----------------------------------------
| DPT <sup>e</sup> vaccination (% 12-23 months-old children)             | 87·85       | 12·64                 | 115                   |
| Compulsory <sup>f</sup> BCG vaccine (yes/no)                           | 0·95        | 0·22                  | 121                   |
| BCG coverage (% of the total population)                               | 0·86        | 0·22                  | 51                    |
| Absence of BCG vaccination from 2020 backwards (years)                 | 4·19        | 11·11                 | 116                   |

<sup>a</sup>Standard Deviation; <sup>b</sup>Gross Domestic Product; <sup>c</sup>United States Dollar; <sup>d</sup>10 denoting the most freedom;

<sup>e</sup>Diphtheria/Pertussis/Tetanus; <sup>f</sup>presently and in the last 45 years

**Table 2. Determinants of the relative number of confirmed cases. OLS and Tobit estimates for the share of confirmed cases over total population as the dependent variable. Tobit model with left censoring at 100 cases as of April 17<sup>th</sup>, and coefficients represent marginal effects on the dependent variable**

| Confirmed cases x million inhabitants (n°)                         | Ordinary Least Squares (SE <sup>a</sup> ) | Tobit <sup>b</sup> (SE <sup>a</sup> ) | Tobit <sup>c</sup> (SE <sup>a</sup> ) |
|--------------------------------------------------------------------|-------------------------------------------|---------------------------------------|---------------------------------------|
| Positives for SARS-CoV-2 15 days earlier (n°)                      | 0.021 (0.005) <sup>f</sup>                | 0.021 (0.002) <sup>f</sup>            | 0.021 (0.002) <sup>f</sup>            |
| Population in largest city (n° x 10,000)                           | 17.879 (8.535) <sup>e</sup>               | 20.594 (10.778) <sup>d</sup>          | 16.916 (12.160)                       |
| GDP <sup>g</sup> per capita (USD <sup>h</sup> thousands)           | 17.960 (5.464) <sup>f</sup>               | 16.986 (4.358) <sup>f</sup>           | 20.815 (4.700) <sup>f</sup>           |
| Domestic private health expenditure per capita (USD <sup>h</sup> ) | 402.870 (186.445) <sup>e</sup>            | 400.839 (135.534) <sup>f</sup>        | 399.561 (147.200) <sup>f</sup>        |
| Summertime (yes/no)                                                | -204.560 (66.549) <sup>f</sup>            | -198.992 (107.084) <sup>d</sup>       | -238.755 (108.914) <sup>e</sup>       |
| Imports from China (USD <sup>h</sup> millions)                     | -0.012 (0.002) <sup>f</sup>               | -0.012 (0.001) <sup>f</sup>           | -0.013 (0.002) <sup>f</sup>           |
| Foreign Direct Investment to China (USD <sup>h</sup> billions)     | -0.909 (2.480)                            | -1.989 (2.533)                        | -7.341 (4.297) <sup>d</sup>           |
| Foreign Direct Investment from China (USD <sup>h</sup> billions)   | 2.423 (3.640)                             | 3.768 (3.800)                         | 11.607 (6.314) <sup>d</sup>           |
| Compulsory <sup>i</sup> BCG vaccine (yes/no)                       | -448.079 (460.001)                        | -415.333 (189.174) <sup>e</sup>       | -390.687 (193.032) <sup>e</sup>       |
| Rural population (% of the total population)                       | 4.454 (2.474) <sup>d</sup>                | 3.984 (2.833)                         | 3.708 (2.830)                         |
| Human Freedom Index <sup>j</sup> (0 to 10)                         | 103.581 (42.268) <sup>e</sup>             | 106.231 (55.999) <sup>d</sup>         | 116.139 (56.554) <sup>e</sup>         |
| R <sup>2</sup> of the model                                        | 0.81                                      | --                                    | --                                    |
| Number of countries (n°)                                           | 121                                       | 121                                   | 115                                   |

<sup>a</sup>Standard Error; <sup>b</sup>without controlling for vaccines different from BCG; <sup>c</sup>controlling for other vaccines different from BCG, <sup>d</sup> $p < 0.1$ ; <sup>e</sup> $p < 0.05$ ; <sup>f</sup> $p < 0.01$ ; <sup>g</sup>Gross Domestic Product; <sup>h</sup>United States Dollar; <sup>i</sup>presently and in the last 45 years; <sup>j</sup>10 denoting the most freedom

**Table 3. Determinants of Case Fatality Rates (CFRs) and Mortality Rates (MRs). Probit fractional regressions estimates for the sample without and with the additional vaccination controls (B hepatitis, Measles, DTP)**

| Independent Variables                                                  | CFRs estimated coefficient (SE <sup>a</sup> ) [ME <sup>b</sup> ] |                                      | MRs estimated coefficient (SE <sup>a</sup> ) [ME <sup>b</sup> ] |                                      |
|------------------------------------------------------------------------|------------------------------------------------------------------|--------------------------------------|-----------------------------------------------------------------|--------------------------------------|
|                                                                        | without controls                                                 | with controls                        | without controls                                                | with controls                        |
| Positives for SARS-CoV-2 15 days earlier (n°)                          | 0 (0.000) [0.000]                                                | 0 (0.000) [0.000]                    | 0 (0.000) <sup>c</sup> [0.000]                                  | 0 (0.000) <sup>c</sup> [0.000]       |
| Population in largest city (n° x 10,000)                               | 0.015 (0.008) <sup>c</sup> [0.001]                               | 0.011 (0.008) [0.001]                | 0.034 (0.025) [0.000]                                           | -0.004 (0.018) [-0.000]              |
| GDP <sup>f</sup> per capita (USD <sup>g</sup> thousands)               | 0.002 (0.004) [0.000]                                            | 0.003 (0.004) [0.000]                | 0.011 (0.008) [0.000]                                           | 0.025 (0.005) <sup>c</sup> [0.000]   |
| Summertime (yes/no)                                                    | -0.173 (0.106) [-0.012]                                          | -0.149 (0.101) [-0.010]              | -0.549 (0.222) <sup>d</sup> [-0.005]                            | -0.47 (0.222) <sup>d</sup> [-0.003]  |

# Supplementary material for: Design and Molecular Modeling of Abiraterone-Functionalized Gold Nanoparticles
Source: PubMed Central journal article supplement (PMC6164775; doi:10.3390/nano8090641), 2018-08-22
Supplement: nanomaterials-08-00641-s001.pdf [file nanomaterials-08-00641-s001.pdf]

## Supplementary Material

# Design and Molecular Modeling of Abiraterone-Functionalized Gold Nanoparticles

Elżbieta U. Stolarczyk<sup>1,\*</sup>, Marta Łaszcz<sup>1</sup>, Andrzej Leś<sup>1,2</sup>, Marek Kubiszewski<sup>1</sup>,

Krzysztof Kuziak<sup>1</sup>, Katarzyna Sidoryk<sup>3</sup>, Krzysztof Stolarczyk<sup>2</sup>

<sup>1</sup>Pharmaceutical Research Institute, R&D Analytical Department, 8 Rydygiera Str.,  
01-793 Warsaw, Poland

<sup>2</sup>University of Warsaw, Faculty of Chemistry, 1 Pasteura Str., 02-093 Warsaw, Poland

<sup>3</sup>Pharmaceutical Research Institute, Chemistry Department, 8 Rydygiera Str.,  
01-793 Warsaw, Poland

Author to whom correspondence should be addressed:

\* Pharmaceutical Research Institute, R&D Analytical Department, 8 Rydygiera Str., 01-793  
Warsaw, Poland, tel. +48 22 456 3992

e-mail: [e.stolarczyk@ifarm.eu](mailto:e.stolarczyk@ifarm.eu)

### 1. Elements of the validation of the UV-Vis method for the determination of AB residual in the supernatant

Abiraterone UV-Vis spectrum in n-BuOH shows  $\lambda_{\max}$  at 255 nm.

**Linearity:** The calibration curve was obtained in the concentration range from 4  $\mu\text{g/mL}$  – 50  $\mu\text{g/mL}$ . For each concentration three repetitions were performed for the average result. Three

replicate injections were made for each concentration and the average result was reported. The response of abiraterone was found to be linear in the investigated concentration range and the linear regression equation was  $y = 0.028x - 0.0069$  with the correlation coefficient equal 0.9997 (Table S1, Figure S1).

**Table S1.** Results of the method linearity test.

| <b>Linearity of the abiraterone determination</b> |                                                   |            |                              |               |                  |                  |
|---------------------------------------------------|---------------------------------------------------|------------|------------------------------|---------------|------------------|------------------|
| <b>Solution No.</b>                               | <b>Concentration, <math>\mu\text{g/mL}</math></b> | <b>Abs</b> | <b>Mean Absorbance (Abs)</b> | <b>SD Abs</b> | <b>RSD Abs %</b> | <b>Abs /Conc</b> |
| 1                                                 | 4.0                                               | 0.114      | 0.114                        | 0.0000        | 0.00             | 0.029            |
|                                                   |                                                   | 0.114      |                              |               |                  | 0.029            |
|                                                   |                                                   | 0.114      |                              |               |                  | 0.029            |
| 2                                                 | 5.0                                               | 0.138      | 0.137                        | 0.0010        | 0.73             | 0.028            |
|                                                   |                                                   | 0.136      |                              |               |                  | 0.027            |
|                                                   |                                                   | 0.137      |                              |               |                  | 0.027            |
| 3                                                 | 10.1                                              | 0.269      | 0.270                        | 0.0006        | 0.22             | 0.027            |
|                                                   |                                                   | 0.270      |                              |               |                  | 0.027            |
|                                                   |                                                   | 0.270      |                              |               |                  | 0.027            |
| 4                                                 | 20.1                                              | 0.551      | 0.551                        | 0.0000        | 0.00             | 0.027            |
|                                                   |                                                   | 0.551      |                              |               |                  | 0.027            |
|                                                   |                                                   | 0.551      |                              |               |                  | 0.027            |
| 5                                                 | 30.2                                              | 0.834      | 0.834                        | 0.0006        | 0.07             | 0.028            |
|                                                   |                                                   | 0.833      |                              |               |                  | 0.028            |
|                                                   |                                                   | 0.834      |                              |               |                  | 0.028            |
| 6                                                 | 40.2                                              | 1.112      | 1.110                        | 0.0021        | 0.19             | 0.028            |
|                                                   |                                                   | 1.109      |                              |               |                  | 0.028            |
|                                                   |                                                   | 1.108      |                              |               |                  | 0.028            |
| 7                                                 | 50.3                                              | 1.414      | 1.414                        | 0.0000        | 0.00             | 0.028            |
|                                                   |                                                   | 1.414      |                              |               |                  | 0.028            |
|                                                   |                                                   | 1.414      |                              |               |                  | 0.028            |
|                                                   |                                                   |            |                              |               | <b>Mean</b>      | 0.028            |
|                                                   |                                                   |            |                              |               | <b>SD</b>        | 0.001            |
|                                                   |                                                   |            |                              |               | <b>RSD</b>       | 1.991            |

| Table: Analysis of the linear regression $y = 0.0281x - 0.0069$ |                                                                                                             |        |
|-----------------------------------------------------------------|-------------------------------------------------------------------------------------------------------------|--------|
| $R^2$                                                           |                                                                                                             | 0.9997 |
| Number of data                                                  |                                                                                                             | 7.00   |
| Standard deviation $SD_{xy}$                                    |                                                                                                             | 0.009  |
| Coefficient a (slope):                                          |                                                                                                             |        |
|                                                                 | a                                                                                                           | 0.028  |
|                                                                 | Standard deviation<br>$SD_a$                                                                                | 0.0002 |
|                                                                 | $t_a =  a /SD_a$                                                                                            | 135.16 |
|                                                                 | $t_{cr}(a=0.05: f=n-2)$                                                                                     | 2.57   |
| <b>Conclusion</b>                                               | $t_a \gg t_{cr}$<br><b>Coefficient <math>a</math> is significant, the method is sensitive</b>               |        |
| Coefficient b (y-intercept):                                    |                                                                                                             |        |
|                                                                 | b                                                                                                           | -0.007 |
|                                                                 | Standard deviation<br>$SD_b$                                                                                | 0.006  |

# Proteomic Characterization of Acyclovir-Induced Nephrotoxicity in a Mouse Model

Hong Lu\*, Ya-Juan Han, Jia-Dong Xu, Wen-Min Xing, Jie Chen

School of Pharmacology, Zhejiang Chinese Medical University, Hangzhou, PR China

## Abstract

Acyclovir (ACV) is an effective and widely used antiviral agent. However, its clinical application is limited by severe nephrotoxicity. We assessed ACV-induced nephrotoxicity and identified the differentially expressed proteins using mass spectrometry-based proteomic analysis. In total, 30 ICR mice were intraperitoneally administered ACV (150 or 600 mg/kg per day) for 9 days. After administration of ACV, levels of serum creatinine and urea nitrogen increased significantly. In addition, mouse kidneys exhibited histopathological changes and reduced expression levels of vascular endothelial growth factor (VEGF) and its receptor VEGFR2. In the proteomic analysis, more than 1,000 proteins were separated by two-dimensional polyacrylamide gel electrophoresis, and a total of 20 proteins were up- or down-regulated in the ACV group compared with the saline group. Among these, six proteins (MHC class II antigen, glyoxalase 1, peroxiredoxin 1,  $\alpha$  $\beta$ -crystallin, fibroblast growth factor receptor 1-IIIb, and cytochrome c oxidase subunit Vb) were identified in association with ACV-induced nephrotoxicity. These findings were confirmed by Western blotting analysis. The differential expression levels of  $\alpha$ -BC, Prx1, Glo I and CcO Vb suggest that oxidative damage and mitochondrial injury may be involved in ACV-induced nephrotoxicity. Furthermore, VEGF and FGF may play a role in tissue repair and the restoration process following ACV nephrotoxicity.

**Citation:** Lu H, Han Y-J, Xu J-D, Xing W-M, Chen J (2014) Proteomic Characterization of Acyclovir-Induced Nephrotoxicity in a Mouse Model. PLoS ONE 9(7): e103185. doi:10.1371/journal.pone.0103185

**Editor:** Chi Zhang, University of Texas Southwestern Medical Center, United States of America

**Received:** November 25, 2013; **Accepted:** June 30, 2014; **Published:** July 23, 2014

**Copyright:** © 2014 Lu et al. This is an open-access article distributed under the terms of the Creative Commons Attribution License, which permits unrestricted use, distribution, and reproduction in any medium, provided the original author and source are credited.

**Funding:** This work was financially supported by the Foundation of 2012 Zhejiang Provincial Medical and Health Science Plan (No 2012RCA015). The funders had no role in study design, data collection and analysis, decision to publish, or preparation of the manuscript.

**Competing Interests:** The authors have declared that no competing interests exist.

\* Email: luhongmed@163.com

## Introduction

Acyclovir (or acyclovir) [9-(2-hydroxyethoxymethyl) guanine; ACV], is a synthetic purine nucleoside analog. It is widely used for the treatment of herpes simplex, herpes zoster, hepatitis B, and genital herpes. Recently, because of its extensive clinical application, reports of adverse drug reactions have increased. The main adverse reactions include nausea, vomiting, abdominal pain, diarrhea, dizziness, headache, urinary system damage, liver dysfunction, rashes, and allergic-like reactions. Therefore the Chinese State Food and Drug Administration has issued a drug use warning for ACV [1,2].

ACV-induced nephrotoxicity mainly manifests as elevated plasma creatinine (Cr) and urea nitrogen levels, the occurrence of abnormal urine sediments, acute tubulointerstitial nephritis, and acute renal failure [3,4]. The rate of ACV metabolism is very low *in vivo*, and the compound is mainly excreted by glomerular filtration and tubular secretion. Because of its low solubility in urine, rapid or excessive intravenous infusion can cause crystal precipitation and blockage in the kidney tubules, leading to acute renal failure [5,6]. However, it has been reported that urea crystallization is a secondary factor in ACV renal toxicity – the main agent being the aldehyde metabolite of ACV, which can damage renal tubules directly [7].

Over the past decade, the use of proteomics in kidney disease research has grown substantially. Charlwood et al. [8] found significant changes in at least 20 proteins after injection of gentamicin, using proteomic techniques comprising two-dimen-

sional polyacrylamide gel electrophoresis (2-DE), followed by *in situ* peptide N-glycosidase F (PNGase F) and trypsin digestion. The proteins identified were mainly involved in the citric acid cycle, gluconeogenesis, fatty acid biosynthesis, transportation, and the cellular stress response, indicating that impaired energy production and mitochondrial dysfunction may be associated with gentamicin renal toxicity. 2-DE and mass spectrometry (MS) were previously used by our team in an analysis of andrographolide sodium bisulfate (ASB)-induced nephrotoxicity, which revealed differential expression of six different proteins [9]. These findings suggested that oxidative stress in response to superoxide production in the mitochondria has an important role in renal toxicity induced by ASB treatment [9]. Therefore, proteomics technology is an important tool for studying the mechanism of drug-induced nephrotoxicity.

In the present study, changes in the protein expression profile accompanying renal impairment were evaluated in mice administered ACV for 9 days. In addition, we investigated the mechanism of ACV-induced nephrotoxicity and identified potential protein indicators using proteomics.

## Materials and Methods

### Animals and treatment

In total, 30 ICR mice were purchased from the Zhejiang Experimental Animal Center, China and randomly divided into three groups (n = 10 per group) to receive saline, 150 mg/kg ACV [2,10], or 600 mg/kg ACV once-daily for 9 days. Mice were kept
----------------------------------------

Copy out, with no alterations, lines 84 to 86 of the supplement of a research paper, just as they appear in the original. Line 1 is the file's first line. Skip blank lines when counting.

| Standard deviation $SD_{xy}$                                    |                                                                                                             | 0.009  |
| Coefficient a (slope):                                          |                                                                                                             |        |
|                                                                 | a                                                                                                           | 0.028  |